After five rounds of the program, we can look back on over 90 projects that have illuminated Open Science in all its many facets and perspectives. In order to reflect on our gained knowledge and experiences, and to share insights, the idea for this collection was born and initiated by Open Science fellows and mentors.

The call for contributions to this special issue was primarily announced via the Fellows Program network, i.e., mailing lists and personal contacts. However, fellows and mentors did invite further colleagues, who participated in individual contributions. As such, the submitted contributions are only a snapshot of the work done within the program and the 90 individual projects. However, the papers do discuss relevant issues and synthesise potentials of open practices as well as challenges and hurdles in actively living them.The insights generated in these contributions can be valuable for those who want to contribute to opening up research and higher education and to fostering open practices.

The individual contributions cover a wide area of Open Science topics, covering scholarly work from perspectives such as open data, reproducibility and replicability, knowledge in/equity, open educational practices and open participatory formats.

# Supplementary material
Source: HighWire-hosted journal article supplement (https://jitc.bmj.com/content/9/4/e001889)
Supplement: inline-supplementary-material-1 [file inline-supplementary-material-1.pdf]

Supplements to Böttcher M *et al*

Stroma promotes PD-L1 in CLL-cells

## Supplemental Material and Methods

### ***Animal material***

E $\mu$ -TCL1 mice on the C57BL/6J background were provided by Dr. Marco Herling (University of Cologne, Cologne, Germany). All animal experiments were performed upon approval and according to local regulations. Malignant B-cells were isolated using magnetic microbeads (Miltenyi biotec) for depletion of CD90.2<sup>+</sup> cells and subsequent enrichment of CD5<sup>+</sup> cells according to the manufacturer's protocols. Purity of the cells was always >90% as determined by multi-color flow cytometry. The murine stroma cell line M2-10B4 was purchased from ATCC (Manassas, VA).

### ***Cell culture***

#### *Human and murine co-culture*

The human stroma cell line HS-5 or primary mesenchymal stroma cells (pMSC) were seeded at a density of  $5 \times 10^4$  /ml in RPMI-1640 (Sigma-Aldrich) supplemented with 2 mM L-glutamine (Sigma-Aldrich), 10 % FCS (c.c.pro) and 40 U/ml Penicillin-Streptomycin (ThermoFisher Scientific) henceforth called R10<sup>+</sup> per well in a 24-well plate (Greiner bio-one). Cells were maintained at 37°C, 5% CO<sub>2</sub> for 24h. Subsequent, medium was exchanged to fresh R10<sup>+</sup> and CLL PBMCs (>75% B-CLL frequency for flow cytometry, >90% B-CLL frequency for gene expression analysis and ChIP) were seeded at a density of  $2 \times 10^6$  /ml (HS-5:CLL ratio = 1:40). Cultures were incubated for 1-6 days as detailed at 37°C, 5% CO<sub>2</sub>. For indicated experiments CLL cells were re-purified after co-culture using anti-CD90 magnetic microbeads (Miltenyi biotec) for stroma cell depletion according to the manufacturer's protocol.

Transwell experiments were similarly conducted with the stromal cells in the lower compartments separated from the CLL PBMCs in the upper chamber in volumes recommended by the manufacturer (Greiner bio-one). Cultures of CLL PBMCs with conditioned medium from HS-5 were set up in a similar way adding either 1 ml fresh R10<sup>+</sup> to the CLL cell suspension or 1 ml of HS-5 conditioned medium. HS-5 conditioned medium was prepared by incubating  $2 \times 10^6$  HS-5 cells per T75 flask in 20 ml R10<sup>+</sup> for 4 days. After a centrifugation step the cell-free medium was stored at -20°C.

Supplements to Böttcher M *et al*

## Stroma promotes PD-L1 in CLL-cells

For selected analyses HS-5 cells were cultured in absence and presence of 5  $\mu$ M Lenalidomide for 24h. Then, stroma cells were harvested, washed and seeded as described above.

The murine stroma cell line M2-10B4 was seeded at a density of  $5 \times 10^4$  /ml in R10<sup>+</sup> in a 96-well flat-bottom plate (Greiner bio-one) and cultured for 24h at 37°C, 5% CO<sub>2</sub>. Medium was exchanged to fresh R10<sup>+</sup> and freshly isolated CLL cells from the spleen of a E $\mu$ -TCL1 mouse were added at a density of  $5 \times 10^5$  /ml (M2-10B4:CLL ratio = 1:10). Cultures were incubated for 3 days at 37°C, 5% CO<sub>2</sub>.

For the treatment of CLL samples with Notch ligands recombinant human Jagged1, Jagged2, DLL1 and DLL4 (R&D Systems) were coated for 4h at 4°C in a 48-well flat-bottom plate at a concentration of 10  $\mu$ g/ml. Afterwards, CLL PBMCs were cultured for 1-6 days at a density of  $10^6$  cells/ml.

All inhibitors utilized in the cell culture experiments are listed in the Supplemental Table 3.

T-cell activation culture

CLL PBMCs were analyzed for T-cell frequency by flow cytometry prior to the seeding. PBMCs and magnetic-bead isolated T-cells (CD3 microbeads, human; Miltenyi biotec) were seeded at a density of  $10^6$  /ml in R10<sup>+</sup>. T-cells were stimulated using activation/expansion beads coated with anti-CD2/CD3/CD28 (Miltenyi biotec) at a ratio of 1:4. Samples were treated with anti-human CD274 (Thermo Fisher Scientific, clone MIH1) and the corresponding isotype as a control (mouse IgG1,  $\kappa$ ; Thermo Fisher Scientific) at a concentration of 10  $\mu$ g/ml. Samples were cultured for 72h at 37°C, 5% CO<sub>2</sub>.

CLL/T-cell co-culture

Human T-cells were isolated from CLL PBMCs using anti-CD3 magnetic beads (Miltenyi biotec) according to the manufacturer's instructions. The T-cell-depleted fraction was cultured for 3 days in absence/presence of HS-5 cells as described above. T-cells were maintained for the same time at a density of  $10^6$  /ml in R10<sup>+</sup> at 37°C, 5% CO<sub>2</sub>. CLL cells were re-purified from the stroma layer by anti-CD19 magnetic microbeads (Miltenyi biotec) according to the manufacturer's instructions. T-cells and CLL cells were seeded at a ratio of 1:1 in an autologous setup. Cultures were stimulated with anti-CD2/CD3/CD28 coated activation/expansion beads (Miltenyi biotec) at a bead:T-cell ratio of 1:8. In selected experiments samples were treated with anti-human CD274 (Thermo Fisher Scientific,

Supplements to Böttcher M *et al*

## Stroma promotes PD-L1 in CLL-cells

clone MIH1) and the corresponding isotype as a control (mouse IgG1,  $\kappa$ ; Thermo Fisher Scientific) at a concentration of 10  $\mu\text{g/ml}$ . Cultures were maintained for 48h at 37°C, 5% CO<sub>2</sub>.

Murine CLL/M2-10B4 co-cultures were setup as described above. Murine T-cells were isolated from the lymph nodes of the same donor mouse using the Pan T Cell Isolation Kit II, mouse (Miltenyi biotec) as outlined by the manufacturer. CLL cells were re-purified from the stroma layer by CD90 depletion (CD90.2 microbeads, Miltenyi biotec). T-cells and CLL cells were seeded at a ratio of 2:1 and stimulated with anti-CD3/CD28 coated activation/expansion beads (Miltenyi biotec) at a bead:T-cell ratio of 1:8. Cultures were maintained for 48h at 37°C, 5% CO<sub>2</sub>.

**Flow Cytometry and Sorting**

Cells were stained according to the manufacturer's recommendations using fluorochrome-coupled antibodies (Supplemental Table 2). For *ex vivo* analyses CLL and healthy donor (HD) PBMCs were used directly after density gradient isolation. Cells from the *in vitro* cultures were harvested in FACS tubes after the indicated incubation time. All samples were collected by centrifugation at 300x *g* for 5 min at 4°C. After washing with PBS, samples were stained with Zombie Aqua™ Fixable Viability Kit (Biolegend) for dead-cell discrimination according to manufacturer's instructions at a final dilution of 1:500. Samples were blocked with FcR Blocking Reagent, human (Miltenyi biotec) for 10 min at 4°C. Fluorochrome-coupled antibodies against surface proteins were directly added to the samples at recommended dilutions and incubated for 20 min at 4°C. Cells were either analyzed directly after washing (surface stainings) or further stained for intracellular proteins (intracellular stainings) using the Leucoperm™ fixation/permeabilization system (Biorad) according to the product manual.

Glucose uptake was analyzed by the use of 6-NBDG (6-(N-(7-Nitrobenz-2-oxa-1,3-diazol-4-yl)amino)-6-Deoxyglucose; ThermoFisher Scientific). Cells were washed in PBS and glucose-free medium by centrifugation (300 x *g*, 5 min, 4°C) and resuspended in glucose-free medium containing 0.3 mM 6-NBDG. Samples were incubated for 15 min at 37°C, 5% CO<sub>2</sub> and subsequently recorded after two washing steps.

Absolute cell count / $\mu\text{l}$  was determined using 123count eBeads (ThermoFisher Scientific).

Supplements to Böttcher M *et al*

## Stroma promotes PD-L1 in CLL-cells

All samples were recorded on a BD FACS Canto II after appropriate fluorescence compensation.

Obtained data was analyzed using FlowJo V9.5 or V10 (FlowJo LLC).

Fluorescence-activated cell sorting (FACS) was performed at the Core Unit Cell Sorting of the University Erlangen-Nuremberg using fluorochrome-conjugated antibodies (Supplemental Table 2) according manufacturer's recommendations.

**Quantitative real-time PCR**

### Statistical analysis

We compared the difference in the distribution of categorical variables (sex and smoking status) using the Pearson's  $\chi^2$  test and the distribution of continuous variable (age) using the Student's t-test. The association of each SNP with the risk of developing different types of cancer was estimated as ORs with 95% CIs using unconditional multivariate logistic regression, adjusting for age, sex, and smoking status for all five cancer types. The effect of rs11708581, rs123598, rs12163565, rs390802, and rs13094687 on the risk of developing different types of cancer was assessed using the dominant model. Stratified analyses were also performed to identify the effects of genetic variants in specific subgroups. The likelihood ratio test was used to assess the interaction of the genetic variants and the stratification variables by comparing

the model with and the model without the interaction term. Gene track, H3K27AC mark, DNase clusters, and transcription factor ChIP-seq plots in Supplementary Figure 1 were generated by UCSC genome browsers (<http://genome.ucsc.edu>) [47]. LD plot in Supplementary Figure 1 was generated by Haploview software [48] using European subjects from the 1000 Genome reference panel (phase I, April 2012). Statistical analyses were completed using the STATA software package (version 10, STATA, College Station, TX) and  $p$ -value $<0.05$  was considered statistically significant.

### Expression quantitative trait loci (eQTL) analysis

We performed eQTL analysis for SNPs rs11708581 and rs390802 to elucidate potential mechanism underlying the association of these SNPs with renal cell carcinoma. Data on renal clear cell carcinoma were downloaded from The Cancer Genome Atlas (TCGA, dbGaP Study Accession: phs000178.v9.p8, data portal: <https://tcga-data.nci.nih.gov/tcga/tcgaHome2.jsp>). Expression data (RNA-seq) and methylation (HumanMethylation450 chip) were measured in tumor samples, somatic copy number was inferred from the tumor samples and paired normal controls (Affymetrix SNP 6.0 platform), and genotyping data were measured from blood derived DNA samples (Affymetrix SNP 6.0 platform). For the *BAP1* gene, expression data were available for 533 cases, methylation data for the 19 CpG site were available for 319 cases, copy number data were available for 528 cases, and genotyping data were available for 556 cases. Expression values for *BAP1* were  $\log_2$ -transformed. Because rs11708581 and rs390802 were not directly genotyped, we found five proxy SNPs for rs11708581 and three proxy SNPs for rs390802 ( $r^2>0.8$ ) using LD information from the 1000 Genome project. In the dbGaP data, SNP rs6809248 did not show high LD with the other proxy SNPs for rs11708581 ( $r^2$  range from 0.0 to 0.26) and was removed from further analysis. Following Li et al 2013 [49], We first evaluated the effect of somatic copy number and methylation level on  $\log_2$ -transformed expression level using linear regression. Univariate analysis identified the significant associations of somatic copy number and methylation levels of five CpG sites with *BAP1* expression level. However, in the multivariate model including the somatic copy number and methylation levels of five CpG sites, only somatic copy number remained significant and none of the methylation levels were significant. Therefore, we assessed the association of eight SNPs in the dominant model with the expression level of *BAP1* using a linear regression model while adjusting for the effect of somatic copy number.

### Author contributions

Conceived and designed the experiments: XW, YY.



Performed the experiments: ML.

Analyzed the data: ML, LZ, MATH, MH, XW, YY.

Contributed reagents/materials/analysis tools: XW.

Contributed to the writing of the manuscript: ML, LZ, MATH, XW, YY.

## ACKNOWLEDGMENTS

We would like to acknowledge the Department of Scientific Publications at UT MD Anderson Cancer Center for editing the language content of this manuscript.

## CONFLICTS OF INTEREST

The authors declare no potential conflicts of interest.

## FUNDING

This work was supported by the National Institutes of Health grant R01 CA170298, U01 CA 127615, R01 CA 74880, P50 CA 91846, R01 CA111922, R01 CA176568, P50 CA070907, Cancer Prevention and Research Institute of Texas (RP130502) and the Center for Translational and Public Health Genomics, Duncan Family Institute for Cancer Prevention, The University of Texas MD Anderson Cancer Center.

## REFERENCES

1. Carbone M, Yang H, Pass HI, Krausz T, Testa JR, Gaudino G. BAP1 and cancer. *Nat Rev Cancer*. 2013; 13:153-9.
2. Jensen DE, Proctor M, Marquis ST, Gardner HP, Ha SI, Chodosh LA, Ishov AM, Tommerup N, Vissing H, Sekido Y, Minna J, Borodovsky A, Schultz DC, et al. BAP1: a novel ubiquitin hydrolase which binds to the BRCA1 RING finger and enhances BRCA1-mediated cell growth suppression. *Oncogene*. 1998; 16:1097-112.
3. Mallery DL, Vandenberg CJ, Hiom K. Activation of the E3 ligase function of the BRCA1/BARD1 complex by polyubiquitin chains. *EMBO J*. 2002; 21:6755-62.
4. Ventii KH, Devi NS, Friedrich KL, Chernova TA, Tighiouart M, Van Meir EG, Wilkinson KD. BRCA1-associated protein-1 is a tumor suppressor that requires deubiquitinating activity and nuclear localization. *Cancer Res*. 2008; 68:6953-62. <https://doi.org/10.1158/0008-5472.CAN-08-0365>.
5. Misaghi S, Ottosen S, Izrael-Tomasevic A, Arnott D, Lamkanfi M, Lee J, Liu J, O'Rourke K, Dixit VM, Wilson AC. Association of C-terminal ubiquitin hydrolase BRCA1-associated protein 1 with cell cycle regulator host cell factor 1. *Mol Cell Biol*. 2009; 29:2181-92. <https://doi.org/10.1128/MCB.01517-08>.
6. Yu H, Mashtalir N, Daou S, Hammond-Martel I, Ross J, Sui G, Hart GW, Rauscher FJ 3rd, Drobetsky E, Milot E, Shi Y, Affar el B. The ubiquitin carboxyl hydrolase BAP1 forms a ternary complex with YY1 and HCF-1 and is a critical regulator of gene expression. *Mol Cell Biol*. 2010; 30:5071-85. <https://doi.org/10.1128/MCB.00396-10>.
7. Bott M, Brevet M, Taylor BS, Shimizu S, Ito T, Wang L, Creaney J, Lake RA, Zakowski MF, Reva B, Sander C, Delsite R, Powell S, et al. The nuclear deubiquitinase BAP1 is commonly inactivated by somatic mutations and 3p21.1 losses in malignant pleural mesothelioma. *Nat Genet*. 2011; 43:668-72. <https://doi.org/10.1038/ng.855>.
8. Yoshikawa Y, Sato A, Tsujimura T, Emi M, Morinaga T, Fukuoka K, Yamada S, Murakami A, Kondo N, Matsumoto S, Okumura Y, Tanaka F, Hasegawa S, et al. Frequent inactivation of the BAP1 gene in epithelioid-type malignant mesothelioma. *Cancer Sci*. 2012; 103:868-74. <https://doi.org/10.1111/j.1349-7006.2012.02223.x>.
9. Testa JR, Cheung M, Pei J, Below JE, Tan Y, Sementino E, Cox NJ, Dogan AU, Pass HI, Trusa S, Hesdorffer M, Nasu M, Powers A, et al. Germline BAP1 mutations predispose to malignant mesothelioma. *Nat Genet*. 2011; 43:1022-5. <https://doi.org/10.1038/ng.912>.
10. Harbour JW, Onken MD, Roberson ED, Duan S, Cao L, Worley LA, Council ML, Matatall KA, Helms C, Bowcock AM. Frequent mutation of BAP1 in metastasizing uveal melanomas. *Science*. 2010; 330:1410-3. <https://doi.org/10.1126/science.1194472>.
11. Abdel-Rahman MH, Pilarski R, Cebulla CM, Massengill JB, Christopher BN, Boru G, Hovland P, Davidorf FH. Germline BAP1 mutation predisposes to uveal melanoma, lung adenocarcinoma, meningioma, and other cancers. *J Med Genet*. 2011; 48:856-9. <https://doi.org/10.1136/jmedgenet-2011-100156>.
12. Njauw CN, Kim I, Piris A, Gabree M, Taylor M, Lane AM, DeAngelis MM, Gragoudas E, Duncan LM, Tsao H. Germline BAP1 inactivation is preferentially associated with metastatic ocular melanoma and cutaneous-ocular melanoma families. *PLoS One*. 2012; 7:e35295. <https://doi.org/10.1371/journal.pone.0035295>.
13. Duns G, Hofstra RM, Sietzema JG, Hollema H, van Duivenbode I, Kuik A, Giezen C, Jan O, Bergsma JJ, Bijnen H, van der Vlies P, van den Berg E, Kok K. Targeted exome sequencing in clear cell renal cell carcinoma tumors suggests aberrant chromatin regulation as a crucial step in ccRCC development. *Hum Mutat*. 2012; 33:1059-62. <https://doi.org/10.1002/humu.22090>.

Steinhardt and Kruschick (2022) give practical advice on knowledge in/equity and on how qualitative researchers can acknowledge equity within their research. They refer to the statements by Wikimedia and its community, which discuss aspects of knowledge in/equity within the Open Science movement. The authors discuss three main factors relevant for knowledge in/equity: the meaning of equity within research and knowledge production, the acknowledgement of those who contribute to knowledge production, and data accessibility and re-usability. Steinhardt and Kruschick share their experiences and practical handling of these factors based on two projects from the Open Science Fellows Program. Both projects show that open research is not only about the final research publication being disseminated openly, but already starts with the research design and process, where ethical aspects`and the inclusiveness and acknowledgement of study participants should be considered. Both projects show that the Open Science movement and ideas on open research itself have evolved from a narrower technical perspective concerned with digital information accessibility to a broader perspective including research practices and researchers’ attitudes towards them.